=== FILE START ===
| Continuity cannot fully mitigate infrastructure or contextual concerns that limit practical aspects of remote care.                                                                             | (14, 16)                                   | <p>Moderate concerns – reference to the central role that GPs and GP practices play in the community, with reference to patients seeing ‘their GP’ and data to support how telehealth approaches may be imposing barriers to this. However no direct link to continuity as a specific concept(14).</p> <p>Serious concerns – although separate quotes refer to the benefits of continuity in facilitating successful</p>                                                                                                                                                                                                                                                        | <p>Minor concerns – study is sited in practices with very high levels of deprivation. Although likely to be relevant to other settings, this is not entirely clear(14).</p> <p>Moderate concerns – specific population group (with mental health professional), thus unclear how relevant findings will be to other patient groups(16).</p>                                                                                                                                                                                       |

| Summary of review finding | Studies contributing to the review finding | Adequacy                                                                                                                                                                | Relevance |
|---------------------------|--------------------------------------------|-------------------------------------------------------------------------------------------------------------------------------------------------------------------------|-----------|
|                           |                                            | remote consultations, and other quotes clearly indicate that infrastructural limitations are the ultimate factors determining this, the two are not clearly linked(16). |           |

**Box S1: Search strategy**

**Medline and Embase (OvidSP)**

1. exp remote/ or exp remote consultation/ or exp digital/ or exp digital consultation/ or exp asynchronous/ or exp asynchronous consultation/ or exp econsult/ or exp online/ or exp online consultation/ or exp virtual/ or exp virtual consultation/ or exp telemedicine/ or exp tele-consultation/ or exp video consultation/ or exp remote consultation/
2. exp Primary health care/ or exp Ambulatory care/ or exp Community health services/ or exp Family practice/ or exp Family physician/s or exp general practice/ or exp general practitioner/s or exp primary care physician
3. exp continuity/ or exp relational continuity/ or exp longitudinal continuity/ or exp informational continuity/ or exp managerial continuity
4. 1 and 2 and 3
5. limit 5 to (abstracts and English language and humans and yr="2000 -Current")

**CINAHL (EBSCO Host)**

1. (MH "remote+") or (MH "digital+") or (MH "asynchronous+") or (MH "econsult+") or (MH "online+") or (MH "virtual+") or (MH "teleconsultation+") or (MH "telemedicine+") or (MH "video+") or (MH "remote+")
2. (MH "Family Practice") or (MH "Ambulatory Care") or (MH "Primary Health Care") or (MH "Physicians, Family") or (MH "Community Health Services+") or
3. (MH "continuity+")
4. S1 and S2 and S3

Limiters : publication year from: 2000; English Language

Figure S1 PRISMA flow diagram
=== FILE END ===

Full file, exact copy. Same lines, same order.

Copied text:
| Continuity cannot fully mitigate infrastructure or contextual concerns that limit practical aspects of remote care.                                                                             | (14, 16)                                   | <p>Moderate concerns – reference to the central role that GPs and GP practices play in the community, with reference to patients seeing ‘their GP’ and data to support how telehealth approaches may be imposing barriers to this. However no direct link to continuity as a specific concept(14).</p> <p>Serious concerns – although separate quotes refer to the benefits of continuity in facilitating successful</p>                                                                                                                                                                                                                                                        | <p>Minor concerns – study is sited in practices with very high levels of deprivation. Although likely to be relevant to other settings, this is not entirely clear(14).</p> <p>Moderate concerns – specific population group (with mental health professional), thus unclear how relevant findings will be to other patient groups(16).</p>                                                                                                                                                                                       |

| Summary of review finding | Studies contributing to the review finding | Adequacy                                                                                                                                                                | Relevance |
|---------------------------|--------------------------------------------|-------------------------------------------------------------------------------------------------------------------------------------------------------------------------|-----------|
|                           |                                            | remote consultations, and other quotes clearly indicate that infrastructural limitations are the ultimate factors determining this, the two are not clearly linked(16). |           |

**Box S1: Search strategy**

**Medline and Embase (OvidSP)**

1. exp remote/ or exp remote consultation/ or exp digital/ or exp digital consultation/ or exp asynchronous/ or exp asynchronous consultation/ or exp econsult/ or exp online/ or exp online consultation/ or exp virtual/ or exp virtual consultation/ or exp telemedicine/ or exp tele-consultation/ or exp video consultation/ or exp remote consultation/
2. exp Primary health care/ or exp Ambulatory care/ or exp Community health services/ or exp Family practice/ or exp Family physician/s or exp general practice/ or exp general practitioner/s or exp primary care physician
3. exp continuity/ or exp relational continuity/ or exp longitudinal continuity/ or exp informational continuity/ or exp managerial continuity
4. 1 and 2 and 3
5. limit 5 to (abstracts and English language and humans and yr="2000 -Current")

**CINAHL (EBSCO Host)**

1. (MH "remote+") or (MH "digital+") or (MH "asynchronous+") or (MH "econsult+") or (MH "online+") or (MH "virtual+") or (MH "teleconsultation+") or (MH "telemedicine+") or (MH "video+") or (MH "remote+")
2. (MH "Family Practice") or (MH "Ambulatory Care") or (MH "Primary Health Care") or (MH "Physicians, Family") or (MH "Community Health Services+") or
3. (MH "continuity+")
4. S1 and S2 and S3

Limiters : publication year from: 2000; English Language

Figure S1 PRISMA flow diagram